Bullying, Child Abuse Hasten Aging in Kids

abused child, lonely child, sad child, kid all alone,
(Image credit: Suzanne Tucker | Shutterstock)

Children exposed to multiple instances of violence age faster on a cellular level than children without violent experiences, a new study finds.

Although childhood stress has long been linked with later disease risk and health problems, the study is the first to show accelerated biological aging in childhood as a result of stress.

"Those kids are 'older' than they are supposed to be," said study leader Idan Shalev, a postdoctoral researcher at Duke University. If the cellular aging isn't reversed, Shalev told LiveScience, the children would likely be at risk for premature death.

Violence and stress

To gauge biological aging, Shalev and his colleagues examined a portion of DNA called telomeres. These sequences cap the ends of our chromosomes (packets of DNA), but they get shorter with every cell division, acting as a sort of molecular "clock" that signals wear-and-tear on DNA.

Several studies have found that adults who experienced violence as children tend to have shorter telomeres than those with peaceful childhoods. But those studies couldn't determine whether the telomeres had been shortened because of childhood stress or because of later adult health problems stemming from that stress, Shalev said.

To find out which was the case, he and his colleagues began a study that looked not backward, but ahead. Using a sample of 236 children from a British sample born between 1994 and 1995, the researchers took DNA samples by swabbing the children's cheeks and then measured the length of each child's telomeres at age 5 and age 10.

By the 10-year-old time point, 17 percent of the children had experienced domestic violence in their households, 24.2 percent had been frequently bullied and 26.7 percent had been physically abused by an adult, according to interviews with the children's mothers. (Some kids were already in protective custody as a result of this abuse.) Because some children experienced more than one type of violence, the researchers split them into groups: kids who hadn't experienced violence (54.2 percent), kids who had experienced one type of violence (29.2 percent), and kids who had experienced two or more types of violence (16.5 percent).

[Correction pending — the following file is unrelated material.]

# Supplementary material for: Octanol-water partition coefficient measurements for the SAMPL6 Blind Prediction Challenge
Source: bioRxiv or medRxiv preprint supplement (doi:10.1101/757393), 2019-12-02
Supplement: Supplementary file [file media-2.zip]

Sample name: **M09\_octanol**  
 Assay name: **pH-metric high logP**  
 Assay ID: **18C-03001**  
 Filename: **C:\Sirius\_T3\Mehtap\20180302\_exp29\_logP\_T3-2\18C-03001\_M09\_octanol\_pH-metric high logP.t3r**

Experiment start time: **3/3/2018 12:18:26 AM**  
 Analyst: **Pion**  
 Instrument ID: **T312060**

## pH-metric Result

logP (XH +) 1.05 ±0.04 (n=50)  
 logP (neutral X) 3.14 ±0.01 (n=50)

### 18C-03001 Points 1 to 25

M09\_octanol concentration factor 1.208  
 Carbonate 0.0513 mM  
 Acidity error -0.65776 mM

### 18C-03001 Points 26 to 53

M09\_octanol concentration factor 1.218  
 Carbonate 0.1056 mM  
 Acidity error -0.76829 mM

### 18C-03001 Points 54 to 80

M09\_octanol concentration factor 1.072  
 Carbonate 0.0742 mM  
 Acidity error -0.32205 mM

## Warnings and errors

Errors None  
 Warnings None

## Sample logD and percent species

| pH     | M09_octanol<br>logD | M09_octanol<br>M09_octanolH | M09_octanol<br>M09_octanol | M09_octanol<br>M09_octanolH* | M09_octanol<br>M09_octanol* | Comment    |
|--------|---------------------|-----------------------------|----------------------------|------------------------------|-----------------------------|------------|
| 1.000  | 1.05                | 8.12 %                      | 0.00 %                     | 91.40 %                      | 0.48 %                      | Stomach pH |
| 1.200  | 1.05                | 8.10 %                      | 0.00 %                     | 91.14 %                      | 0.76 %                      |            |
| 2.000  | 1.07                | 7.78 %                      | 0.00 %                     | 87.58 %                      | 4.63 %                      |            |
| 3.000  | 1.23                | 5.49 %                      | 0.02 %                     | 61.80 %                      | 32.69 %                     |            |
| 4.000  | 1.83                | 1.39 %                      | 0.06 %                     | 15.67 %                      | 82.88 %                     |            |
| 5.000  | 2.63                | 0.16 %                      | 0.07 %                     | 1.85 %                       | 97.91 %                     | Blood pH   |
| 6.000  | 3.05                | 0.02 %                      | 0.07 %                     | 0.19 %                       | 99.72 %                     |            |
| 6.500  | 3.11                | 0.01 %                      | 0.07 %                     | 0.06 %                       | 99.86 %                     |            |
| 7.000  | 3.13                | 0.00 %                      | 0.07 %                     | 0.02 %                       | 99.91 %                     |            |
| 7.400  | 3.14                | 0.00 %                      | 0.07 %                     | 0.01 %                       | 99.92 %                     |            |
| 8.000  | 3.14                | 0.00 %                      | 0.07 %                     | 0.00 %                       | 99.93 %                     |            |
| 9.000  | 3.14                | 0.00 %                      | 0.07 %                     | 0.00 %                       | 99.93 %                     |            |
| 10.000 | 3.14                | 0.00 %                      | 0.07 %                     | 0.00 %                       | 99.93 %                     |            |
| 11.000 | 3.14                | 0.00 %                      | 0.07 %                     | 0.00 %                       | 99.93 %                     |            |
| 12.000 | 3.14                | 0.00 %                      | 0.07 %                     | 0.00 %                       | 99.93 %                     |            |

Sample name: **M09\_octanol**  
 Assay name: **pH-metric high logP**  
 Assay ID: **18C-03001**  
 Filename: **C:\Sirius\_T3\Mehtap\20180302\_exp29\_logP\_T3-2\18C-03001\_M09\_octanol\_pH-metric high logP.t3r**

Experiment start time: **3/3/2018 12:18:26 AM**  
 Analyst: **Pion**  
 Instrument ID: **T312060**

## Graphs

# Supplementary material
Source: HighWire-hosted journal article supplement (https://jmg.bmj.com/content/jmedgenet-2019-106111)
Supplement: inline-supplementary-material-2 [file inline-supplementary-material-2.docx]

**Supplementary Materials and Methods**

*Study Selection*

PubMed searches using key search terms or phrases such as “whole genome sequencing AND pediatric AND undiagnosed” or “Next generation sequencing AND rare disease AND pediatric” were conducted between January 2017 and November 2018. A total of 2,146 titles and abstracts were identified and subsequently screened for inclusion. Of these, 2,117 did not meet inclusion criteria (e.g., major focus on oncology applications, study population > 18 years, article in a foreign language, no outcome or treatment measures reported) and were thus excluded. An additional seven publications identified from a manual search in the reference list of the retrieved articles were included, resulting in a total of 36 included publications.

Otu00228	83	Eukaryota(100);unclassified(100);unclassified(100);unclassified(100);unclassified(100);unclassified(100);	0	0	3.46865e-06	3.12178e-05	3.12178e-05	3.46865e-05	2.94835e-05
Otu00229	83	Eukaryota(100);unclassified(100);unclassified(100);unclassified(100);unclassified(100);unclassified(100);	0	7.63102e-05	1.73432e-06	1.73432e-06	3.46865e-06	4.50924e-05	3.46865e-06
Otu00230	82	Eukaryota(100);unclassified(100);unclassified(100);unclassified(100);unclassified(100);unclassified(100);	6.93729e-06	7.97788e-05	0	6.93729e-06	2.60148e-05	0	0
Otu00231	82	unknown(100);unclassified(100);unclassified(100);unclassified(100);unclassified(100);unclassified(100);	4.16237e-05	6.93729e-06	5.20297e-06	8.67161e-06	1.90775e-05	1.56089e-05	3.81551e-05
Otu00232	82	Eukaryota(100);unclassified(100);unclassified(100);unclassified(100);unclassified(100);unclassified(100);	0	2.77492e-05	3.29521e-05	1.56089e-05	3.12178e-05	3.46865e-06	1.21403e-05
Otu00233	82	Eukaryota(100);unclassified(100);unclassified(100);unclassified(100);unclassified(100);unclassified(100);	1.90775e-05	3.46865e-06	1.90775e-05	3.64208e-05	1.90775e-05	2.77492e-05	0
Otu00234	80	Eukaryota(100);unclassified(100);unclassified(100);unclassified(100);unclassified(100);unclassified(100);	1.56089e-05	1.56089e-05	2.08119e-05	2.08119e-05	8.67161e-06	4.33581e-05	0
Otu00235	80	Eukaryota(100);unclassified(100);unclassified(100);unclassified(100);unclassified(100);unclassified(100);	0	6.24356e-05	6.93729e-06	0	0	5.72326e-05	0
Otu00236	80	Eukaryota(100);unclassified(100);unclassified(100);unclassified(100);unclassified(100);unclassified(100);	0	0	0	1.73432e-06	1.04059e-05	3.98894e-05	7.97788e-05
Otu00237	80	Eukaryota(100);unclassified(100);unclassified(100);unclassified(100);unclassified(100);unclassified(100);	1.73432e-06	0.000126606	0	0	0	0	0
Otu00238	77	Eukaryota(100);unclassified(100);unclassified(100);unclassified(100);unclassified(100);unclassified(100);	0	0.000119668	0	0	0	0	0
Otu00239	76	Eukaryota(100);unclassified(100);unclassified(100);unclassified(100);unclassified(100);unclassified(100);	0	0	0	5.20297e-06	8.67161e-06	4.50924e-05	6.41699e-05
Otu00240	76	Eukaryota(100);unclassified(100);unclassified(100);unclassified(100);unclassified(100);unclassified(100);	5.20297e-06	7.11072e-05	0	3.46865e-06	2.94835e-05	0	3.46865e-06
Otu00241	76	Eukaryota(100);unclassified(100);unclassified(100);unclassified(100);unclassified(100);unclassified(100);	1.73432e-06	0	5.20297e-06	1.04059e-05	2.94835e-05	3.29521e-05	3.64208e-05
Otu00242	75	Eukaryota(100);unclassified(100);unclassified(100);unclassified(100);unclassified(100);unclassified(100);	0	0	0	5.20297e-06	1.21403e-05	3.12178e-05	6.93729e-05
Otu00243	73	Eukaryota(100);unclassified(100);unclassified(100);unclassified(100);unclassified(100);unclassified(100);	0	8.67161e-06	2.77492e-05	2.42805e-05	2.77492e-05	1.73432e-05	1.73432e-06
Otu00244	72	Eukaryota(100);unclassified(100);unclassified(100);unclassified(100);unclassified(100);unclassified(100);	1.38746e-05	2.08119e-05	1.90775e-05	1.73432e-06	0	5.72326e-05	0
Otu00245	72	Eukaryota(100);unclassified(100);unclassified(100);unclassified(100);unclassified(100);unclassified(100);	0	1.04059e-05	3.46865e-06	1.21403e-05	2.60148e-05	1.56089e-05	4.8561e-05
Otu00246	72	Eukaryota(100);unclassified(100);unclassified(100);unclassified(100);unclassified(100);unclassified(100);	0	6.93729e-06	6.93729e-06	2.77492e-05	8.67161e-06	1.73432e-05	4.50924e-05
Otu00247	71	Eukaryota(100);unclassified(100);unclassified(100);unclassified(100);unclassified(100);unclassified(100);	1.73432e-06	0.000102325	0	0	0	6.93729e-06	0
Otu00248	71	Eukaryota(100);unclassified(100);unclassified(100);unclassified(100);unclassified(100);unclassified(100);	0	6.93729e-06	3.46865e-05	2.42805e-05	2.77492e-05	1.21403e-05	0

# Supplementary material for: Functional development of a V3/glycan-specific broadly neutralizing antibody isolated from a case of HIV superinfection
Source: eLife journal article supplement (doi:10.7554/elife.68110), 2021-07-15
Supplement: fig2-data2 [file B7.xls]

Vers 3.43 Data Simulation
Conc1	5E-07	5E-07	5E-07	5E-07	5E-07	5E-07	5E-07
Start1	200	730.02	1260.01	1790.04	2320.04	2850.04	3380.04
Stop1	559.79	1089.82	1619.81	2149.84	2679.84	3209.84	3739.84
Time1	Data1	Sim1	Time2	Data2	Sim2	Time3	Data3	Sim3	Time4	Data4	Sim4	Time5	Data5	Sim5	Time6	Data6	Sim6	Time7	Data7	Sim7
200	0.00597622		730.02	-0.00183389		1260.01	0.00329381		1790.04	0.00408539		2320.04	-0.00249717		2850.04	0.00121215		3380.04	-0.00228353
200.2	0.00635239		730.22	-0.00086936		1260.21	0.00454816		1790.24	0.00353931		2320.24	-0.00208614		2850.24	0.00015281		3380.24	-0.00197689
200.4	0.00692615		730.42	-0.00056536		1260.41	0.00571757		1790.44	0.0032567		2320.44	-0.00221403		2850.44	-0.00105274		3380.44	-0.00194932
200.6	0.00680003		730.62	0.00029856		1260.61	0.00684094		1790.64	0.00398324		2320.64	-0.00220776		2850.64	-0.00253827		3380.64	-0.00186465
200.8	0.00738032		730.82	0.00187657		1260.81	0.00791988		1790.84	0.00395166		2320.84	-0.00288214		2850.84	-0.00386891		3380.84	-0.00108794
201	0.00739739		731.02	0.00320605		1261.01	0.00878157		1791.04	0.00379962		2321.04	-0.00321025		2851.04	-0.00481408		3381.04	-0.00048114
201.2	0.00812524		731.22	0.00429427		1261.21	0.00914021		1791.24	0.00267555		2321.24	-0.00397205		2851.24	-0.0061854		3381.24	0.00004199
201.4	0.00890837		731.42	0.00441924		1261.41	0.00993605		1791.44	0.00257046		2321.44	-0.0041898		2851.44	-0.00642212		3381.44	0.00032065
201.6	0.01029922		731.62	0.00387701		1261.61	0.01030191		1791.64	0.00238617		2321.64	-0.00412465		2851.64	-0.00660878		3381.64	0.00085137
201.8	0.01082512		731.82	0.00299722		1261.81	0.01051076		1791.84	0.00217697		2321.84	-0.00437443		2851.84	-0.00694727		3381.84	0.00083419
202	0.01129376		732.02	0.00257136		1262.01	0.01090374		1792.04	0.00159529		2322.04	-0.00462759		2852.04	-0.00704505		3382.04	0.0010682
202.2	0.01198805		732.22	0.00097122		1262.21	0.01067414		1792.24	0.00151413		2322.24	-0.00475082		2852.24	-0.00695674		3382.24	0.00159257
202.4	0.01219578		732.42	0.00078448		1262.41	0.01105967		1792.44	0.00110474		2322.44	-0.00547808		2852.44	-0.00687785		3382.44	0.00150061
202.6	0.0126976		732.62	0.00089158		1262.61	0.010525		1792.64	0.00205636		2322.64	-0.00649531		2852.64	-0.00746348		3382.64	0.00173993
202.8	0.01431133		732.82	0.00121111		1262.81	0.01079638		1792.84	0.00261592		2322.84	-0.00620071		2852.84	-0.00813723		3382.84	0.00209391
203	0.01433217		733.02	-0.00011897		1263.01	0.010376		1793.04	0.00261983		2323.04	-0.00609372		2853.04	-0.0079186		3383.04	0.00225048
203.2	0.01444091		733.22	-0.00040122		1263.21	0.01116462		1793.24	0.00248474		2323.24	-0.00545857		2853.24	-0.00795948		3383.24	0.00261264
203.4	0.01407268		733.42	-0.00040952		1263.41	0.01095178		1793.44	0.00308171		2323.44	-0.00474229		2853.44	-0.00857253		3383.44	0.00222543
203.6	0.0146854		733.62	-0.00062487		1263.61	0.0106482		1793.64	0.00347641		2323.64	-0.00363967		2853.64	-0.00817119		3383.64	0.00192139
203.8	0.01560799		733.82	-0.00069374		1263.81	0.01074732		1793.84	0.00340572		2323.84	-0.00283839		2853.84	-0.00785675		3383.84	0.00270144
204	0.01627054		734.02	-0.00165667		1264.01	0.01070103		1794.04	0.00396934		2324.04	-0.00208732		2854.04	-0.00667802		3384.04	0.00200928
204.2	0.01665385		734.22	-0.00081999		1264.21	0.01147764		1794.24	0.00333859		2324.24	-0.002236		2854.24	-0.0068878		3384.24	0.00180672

Wear and tear

The results of the DNA analysis showed that children in the final group, those who had experienced two or more types of violence, had significantly faster telomere shortening between ages 5 and 10 on average than the other children. The findings held true after controlling for health, body weight, gender and socioeconomic status. [10 Scientific Tips for Raising Happy Kids]

The violence does not necessarily have to affect the child physically, the researchers report today (April 24) in the journal Molecular Psychiatry. Instead, it seems the telomere shortening is a result of cumulative stress. It's not yet clear how stress translates to shorter telomeres, Shalev said, but inflammation, an immune response to stress, may be to blame.

"We know that violence is associated with higher inflammation levels," he said. "Higher inflammation levels are associated with shorter telomere length."

There is some hope that telomere shortening can be halted, Shalev said. A healthy diet, physical activity and even meditation are associated with longer telomeres, he said. The researchers plan to follow up with their study participants, who are now 18.

But the study also highlights the long-term damage that childhood trauma can create, said Elissa Epel, a health psychologist at the University of California, San Francisco, who studies stress and cell aging, who wasn't involved in the current study. 

"Now we have some evidence that indeed children's immune-system aging can be adversely affected by severe stress early in childhood, a scar that could last possibly decades later," Epel told LiveScience. "This study underscores the vital importance of reducing violent exposures for children — both serious bullying and abuse in the family."

You can follow LiveScience senior writer Stephanie Pappas on Twitter @sipappas. Follow LiveScience for the latest in science news and discoveries on Twitter @livescience and on Facebook.

Stephanie Pappas
Live Science Contributor

Stephanie Pappas is a contributing writer for Live Science, covering topics ranging from geoscience to archaeology to the human brain and behavior. She was previously a senior writer for Live Science but is now a freelancer based in Denver, Colorado, and regularly contributes to Scientific American and The Monitor, the monthly magazine of the American Psychological Association. Stephanie received a bachelor's degree in psychology from the University of South Carolina and a graduate certificate in science communication from the University of California, Santa Cruz.